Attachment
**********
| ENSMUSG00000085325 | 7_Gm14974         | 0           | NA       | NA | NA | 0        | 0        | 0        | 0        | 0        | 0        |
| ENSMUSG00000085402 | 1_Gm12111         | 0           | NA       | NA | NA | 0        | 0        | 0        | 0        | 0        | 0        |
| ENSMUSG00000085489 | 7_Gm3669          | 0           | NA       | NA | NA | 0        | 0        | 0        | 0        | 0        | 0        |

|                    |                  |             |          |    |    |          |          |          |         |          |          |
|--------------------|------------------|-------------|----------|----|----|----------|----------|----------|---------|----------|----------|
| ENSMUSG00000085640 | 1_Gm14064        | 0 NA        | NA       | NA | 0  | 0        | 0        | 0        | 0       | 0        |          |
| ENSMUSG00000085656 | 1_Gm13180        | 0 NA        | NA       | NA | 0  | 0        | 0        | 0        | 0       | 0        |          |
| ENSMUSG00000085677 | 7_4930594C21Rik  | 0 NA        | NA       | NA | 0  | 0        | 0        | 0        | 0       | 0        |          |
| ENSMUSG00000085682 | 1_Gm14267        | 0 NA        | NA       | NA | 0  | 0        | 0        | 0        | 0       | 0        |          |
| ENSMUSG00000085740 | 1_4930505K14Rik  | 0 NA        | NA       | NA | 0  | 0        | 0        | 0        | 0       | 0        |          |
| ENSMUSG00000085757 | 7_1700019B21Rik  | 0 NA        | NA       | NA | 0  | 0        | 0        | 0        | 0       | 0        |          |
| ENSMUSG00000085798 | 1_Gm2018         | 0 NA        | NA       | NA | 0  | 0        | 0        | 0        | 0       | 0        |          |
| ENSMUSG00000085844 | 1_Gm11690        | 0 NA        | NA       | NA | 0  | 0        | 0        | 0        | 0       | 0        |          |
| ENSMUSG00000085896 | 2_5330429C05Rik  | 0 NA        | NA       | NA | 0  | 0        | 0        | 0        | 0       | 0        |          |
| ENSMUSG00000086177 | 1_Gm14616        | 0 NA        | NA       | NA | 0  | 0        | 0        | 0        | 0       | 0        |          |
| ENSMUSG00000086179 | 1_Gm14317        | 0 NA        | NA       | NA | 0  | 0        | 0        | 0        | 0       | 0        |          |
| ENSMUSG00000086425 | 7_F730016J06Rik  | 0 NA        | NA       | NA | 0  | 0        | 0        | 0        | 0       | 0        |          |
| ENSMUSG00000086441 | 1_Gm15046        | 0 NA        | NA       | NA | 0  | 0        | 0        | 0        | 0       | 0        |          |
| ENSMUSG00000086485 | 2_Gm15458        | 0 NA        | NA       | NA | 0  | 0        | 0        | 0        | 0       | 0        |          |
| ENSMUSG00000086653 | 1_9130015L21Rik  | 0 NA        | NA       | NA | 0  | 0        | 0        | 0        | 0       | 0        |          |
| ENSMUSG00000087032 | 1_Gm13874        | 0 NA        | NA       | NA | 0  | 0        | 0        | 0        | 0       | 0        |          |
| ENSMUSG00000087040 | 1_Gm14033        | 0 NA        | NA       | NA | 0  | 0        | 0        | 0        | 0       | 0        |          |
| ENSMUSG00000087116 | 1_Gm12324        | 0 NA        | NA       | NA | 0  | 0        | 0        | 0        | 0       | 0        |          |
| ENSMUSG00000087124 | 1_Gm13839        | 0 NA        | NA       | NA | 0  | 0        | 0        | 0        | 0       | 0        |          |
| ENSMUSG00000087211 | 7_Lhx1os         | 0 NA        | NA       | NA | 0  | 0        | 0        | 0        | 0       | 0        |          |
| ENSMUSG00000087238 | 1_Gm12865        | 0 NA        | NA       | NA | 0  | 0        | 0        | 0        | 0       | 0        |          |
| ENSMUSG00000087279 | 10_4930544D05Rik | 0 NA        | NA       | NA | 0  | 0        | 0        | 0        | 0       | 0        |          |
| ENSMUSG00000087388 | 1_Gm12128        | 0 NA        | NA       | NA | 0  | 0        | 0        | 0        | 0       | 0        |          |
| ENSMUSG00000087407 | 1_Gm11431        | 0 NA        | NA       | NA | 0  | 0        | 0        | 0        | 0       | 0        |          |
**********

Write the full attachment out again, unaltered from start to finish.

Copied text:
| ENSMUSG00000085325 | 7_Gm14974         | 0           | NA       | NA | NA | 0        | 0        | 0        | 0        | 0        | 0        |
| ENSMUSG00000085402 | 1_Gm12111         | 0           | NA       | NA | NA | 0        | 0        | 0        | 0        | 0        | 0        |
| ENSMUSG00000085489 | 7_Gm3669          | 0           | NA       | NA | NA | 0        | 0        | 0        | 0        | 0        | 0        |

|                    |                  |             |          |    |    |          |          |          |         |          |          |
|--------------------|------------------|-------------|----------|----|----|----------|----------|----------|---------|----------|----------|
| ENSMUSG00000085640 | 1_Gm14064        | 0 NA        | NA       | NA | 0  | 0        | 0        | 0        | 0       | 0        |          |
| ENSMUSG00000085656 | 1_Gm13180        | 0 NA        | NA       | NA | 0  | 0        | 0        | 0        | 0       | 0        |          |
| ENSMUSG00000085677 | 7_4930594C21Rik  | 0 NA        | NA       | NA | 0  | 0        | 0        | 0        | 0       | 0        |          |
| ENSMUSG00000085682 | 1_Gm14267        | 0 NA        | NA       | NA | 0  | 0        | 0        | 0        | 0       | 0        |          |
| ENSMUSG00000085740 | 1_4930505K14Rik  | 0 NA        | NA       | NA | 0  | 0        | 0        | 0        | 0       | 0        |          |
| ENSMUSG00000085757 | 7_1700019B21Rik  | 0 NA        | NA       | NA | 0  | 0        | 0        | 0        | 0       | 0        |          |
| ENSMUSG00000085798 | 1_Gm2018         | 0 NA        | NA       | NA | 0  | 0        | 0        | 0        | 0       | 0        |          |
| ENSMUSG00000085844 | 1_Gm11690        | 0 NA        | NA       | NA | 0  | 0        | 0        | 0        | 0       | 0        |          |
| ENSMUSG00000085896 | 2_5330429C05Rik  | 0 NA        | NA       | NA | 0  | 0        | 0        | 0        | 0       | 0        |          |
| ENSMUSG00000086177 | 1_Gm14616        | 0 NA        | NA       | NA | 0  | 0        | 0        | 0        | 0       | 0        |          |
| ENSMUSG00000086179 | 1_Gm14317        | 0 NA        | NA       | NA | 0  | 0        | 0        | 0        | 0       | 0        |          |
| ENSMUSG00000086425 | 7_F730016J06Rik  | 0 NA        | NA       | NA | 0  | 0        | 0        | 0        | 0       | 0        |          |
| ENSMUSG00000086441 | 1_Gm15046        | 0 NA        | NA       | NA | 0  | 0        | 0        | 0        | 0       | 0        |          |
| ENSMUSG00000086485 | 2_Gm15458        | 0 NA        | NA       | NA | 0  | 0        | 0        | 0        | 0       | 0        |          |
| ENSMUSG00000086653 | 1_9130015L21Rik  | 0 NA        | NA       | NA | 0  | 0        | 0        | 0        | 0       | 0        |          |
| ENSMUSG00000087032 | 1_Gm13874        | 0 NA        | NA       | NA | 0  | 0        | 0        | 0        | 0       | 0        |          |
| ENSMUSG00000087040 | 1_Gm14033        | 0 NA        | NA       | NA | 0  | 0        | 0        | 0        | 0       | 0        |          |
| ENSMUSG00000087116 | 1_Gm12324        | 0 NA        | NA       | NA | 0  | 0        | 0        | 0        | 0       | 0        |          |
| ENSMUSG00000087124 | 1_Gm13839        | 0 NA        | NA       | NA | 0  | 0        | 0        | 0        | 0       | 0        |          |
| ENSMUSG00000087211 | 7_Lhx1os         | 0 NA        | NA       | NA | 0  | 0        | 0        | 0        | 0       | 0        |          |
| ENSMUSG00000087238 | 1_Gm12865        | 0 NA        | NA       | NA | 0  | 0        | 0        | 0        | 0       | 0        |          |
| ENSMUSG00000087279 | 10_4930544D05Rik | 0 NA        | NA       | NA | 0  | 0        | 0        | 0        | 0       | 0        |          |
| ENSMUSG00000087388 | 1_Gm12128        | 0 NA        | NA       | NA | 0  | 0        | 0        | 0        | 0       | 0        |          |
| ENSMUSG00000087407 | 1_Gm11431        | 0 NA        | NA       | NA | 0  | 0        | 0        | 0        | 0       | 0        |          |